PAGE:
• How will the reforms help? Controlled fiscal deficit will make more money available in the market for private sector investment and help RBI in reducing interest rates — things which will have an overall benign influence on the economy.


A lot of other things apart from austerity majors will have to be done, no doubt, like preventing companies, especially banks from failing, to further strengthen the growth impulses but in the present situation, the key is government spending and in the desired sequence.

Coronavirus – Economic Issues

Medicine and frontiers


From UPSC perspective, the following things are important :

Prelims level : Not much.

Mains level : Paper 3- Dominance of China in international trade and its implications for national security.


Although the slowdown in Chinese manufacturing has disrupted the supply chains of many goods, the impact on the drug industry has helped highlight the national security implications of China’s dominance over the pharmaceutical industry.

Implications of the coronavirus disruption in China

  • Global dependence on China in focus: As the coronavirus spreads far and wide, the global dependence on China for drugs and medical supplies has come into sharp focus.
  • The argument for domestic production of medicine: In both the US and Europe, the shortage of essential drugs to treat the victims of the virus is strengthening the arguments for restoring some domestic production of pharmaceuticals.
  • National security implications: Although the slowdown in Chinese manufacturing has disrupted the supply chains of many goods, the impact on the drug industry has helped highlight the national security implications of China’s dominance over the pharmaceutical industry.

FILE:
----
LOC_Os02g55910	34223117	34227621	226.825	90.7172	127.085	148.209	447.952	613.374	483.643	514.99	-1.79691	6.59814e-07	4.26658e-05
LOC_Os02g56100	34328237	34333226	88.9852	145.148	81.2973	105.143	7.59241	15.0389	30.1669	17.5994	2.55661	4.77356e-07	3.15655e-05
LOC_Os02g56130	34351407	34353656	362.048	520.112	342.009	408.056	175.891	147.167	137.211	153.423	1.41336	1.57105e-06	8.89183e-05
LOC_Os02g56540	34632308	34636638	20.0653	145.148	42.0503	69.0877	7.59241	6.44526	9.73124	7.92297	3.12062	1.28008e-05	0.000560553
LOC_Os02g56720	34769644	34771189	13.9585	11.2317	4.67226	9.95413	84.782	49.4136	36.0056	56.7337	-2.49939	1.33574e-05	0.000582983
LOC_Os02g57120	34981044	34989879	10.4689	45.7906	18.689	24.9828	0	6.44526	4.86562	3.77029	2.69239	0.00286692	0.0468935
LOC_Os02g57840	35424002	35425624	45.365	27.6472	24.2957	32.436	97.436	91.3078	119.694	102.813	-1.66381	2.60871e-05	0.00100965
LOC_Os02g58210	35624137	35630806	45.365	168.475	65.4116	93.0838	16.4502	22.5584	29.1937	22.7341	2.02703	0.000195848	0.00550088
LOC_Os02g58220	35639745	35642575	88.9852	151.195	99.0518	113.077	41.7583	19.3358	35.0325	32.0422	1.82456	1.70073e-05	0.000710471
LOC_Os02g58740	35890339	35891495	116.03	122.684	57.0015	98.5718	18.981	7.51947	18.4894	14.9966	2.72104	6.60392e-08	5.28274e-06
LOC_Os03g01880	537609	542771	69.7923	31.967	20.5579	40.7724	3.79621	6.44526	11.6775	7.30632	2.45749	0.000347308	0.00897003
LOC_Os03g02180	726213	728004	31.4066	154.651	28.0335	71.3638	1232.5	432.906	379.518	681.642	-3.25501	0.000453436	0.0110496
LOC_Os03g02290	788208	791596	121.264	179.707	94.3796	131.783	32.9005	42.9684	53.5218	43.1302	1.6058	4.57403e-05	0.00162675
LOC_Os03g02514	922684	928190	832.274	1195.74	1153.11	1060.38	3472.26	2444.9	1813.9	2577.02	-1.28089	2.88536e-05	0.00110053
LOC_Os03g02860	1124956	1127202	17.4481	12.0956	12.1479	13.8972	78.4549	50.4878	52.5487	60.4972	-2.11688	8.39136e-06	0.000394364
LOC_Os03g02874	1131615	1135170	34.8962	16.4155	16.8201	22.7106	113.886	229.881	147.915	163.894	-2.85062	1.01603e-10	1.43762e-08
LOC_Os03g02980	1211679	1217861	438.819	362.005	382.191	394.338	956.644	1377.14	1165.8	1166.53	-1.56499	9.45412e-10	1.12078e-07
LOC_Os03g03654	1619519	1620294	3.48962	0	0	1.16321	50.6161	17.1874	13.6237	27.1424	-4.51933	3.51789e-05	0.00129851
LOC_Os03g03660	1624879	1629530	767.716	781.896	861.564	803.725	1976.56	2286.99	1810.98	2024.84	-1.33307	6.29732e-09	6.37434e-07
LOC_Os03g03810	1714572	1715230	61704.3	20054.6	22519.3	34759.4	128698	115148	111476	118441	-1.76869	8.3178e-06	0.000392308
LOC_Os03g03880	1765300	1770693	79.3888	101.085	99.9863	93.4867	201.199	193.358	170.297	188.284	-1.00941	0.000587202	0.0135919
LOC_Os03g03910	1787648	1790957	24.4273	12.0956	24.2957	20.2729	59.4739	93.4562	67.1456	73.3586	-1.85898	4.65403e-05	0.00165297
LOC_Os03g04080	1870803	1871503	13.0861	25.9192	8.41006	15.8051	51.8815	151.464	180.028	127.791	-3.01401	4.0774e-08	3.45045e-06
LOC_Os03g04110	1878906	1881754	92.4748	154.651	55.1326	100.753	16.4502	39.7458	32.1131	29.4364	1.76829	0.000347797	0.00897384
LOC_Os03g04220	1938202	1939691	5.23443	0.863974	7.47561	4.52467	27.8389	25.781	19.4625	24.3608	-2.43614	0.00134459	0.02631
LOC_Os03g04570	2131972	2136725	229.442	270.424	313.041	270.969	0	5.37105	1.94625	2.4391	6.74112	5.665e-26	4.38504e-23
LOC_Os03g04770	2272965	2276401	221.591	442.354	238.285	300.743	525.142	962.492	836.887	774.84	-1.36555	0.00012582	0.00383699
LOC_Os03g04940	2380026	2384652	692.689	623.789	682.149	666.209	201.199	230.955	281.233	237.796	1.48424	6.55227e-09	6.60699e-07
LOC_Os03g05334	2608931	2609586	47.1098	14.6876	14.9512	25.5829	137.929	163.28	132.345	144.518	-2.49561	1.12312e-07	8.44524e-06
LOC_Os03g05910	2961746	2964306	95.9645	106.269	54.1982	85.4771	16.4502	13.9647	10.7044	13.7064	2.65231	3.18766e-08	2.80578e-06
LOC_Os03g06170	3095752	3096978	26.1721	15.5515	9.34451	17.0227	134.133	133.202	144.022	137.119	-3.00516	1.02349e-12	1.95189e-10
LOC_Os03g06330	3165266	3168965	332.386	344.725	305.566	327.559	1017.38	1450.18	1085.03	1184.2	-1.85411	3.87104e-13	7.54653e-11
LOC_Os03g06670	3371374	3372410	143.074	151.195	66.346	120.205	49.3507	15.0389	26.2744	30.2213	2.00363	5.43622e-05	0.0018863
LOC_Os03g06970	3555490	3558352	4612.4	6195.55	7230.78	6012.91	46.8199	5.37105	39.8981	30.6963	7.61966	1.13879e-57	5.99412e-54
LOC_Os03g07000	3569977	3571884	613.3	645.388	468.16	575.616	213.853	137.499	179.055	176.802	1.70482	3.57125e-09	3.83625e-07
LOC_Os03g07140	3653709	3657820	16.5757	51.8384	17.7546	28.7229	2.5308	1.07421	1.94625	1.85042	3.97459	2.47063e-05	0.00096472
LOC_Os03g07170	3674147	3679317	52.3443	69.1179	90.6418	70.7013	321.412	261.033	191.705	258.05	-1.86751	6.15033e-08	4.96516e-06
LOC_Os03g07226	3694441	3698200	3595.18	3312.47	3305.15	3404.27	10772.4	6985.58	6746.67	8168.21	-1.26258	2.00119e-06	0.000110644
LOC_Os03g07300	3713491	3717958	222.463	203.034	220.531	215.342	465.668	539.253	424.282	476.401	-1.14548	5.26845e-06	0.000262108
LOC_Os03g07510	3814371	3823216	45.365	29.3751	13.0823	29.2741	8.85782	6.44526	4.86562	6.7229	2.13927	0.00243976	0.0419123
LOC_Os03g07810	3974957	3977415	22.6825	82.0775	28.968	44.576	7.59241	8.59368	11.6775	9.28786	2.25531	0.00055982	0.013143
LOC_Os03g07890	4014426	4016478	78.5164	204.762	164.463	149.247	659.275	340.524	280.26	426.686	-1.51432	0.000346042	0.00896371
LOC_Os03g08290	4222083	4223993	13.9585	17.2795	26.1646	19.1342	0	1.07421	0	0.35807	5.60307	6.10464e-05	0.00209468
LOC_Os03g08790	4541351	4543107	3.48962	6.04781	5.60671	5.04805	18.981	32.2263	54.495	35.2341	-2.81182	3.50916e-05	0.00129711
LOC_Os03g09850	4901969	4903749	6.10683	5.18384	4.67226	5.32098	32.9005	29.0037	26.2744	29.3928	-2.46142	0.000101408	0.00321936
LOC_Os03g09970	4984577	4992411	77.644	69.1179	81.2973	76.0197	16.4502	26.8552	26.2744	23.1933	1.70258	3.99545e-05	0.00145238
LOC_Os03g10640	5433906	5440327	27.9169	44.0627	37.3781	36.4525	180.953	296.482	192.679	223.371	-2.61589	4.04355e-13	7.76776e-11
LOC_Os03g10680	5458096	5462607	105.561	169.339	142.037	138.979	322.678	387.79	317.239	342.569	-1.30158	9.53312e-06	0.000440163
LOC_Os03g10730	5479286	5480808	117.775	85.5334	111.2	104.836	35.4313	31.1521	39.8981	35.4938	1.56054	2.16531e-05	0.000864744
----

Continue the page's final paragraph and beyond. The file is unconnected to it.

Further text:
China’s dominance in pharmaceutical production

  • Two factors that contributed to China rise:
    • Active state support from Beijing and-
    • Western drug companies eager to shift production to cheaper destinations has facilitated China’s emergence as the most important global source for pharmaceutical products and medical devices.
  • Global dependence on China for drugs: America and Europe are said to import nearly 80 per cent of their antibiotics from China.
    • India’s dependence for API: India is also an important supplier of generic drugs to the Western world, but it is itself dependent on massive imports of active pharmaceutical ingredients (APIs) from China.
    • Impact on India: The reduction in supplies from China after the virus breakout has been accentuated by the recent decision of Government of India to limit the export of common drugs like paracetamol.
  • How the US is responding to dominance? Well before the current crisis, there had been warnings in the US about the national security risks from the massive reliance on external sources for basic medicines.